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Greenville Family Law Blog

Children prefer to live with both parents, study finds

You're divorcing, and you have to consider what's best for your children. You want to create a parenting arrangement that gives them time with you and your spouse, but you don't want to overwhelm them. What's the right thing to do?

A study from 2015 found that children do best when they spend time living with both of their parents, contrary to the arrangements many create. While parents might think it's easier to place a child in sole custody with only visitation with the other parent, the truth is that shared custody can be more beneficial to the mental health of a child.

Separating and determining child custody arrangements

When you separate from your spouse, one of the things that might become an issue is your child custody arrangement. If you're only separated, how do you create a plan that works for you?

As your child's parent, it's in your best interest to work with your spouse to come up with a parenting plan in your child's best interests. The court will determine a plan in your child's interest if you can't do so yourselves. Even though you are only separated, a parenting plan needs to be arranged.

Divorce could actually improve health, according to study

If you're getting a divorce or considering one, one of the things you might recall is that people have, for many years, stated that being in a marriage is healthier for you. That could make you feel like you're failing or that you need to work harder, but the truth is that not all marriages are meant to last. While you work with your attorney on the specifics of your divorce, keep this interesting study in mind.

Some new research may help you on your way to acceptance. According to a Feb. 8 report, it's true that both marriage and divorce, along with their transitions, do impact women over the age of menopause. Blood pressure and body mass index, or BMI, tend to increase or worsen if a woman marries. Comparatively, a woman who gets a divorce or separates from a partner tends to see improvements in her blood pressure and BMI.

Protect your assets during divorce with these helpful tips

You're going through a divorce, and you know that there has to be some give and take. Although that's the case, the last thing you want is to be back to square one financially. So, how can you prevent your spouse from getting more than his fair share? Here are a few ways to protect your finances.

First, make sure you know what you own. Separate marital property from personal property. Clarifying this information helps a judge understand what actually can be split in a marriage and which assets should remain yours alone.

Here's why you should consider a legal separation

Are there benefits to seeking a legal separation instead of divorce? Yes. In fact, a legal separation doesn't actually end your marriage. Since you haven't ended your marriage, you can often stay on your spouse's health insurance and still keep other spousal benefits.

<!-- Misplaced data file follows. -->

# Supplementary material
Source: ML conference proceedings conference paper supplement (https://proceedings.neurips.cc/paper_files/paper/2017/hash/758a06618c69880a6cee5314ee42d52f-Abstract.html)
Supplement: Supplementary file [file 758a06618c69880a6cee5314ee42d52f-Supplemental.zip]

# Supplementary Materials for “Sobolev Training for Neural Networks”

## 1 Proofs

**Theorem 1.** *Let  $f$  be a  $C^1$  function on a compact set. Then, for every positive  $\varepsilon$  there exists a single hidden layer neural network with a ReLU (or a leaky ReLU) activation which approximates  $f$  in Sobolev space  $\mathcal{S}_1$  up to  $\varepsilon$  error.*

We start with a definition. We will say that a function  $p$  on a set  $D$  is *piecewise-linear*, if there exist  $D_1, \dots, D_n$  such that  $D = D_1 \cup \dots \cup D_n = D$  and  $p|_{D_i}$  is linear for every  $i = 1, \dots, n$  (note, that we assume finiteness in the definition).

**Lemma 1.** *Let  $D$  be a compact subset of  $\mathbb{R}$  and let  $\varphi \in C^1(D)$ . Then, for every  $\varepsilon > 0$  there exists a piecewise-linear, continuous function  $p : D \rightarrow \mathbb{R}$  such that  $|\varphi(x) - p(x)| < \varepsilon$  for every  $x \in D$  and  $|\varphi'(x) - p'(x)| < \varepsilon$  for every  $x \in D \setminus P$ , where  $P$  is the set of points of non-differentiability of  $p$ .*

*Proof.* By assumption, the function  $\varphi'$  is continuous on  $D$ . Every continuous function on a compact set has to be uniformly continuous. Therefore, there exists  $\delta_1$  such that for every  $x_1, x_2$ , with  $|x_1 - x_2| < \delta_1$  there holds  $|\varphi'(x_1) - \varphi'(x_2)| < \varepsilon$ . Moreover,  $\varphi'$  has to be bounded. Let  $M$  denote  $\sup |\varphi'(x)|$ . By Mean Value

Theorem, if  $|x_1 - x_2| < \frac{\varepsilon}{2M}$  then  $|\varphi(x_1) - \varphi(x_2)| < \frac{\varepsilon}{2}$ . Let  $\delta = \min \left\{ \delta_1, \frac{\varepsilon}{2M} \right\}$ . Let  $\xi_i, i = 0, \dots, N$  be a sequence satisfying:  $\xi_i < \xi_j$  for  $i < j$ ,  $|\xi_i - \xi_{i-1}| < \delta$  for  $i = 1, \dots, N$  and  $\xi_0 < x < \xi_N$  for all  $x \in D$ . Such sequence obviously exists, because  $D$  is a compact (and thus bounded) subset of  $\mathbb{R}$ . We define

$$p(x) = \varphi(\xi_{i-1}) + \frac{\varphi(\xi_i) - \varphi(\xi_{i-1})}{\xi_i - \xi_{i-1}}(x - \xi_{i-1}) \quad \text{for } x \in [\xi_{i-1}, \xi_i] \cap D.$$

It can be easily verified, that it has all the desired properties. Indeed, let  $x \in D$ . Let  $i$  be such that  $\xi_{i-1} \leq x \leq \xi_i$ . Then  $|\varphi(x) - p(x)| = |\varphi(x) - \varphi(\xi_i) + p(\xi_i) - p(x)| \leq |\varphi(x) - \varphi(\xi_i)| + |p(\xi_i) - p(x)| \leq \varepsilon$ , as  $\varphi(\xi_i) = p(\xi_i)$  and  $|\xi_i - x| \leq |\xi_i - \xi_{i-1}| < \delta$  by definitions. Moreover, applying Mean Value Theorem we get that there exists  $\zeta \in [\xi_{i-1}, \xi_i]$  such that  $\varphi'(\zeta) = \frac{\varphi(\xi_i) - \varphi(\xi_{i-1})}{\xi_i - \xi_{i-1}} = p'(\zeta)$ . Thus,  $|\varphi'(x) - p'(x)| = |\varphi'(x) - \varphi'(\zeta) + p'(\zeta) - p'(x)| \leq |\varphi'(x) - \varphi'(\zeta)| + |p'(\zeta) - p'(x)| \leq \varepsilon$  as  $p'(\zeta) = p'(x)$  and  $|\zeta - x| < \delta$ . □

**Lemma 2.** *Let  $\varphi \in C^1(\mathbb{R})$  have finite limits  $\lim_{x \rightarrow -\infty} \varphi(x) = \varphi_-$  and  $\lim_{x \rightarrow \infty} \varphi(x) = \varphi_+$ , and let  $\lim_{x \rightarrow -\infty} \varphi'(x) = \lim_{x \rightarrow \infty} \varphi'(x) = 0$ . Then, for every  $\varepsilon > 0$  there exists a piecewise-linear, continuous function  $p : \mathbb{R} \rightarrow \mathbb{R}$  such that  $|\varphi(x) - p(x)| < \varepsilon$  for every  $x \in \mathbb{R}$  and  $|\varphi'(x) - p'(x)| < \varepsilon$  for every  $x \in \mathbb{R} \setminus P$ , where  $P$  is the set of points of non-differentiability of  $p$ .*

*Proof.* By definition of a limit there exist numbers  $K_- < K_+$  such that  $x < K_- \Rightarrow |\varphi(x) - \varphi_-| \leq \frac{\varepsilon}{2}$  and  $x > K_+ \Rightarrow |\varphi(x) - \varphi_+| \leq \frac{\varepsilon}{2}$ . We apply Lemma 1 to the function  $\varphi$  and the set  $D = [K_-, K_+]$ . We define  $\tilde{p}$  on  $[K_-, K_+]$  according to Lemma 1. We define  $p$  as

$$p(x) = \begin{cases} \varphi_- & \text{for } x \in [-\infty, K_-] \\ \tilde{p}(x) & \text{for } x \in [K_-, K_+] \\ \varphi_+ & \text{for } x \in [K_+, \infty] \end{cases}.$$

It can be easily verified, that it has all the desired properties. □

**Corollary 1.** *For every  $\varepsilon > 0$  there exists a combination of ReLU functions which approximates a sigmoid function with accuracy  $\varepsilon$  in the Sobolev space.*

A legal separation works well as a precursor to divorce, especially if you feel you may continue your marriage. Although the separation does allow you to split your assets and to put together a separation agreement, you could choose to move back in together and still be married later.

How to arrange your child custody schedule: 2 primary options

When you're considering how to arrange your child's custody schedule, it's important to know the ways you can go about it. You can either work with the other parent to arrange a schedule you both agree on or allow a judge to make the determination for you.

In most cases, you'll have joint legal custody. This is when a mother and father share time with their children. You also both make decisions for the welfare of your children, so you need to talk to one another about medical issues, schooling concerns and more. If you're in a situation where your spouse is not fit to raise a child, then you can pursue sole custody.

Getting a divorce? Are you a mom? Here's something to think about

If you're ready to go through a divorce, there are a few issues you need to address as a mother. First, you'll need to think about what's going to happen with your marital property. Do you want the spousal home to raise your children in? It's possible, but you may also want to consider the debts you share with your spouse and how taking on a mortgage could affect your finances. You may also want to discuss how you can split financial assets like retirement accounts or savings accounts.

Spousal support can sometimes be a sore subject, but it's something you need to bring up. If you have been a stay-at-home parent for some time, it's likely that you'll need time to find work or additional income to make up for your spouse's lost income. Financial support is supposed to help you get back on your feet, and it's not the same as the child support you may also be requesting. If you want both spousal support and child support, remember to produce your financial documents when you see your attorney. The custodial parent typically receives child support, but the amount can vary by case.

What can you do if your ex won't pay child support?

When you receive child support, you need to know that it is going to be on time. If it won't be, then you should know why and if you need to take steps to have it enforced.

If your ex-spouse is asked to pay child support, you should receive it in accordance to your divorce papers and child support order. Payment arrangements are set up, so the money might be sent by check or be directly deposited into your accounts.

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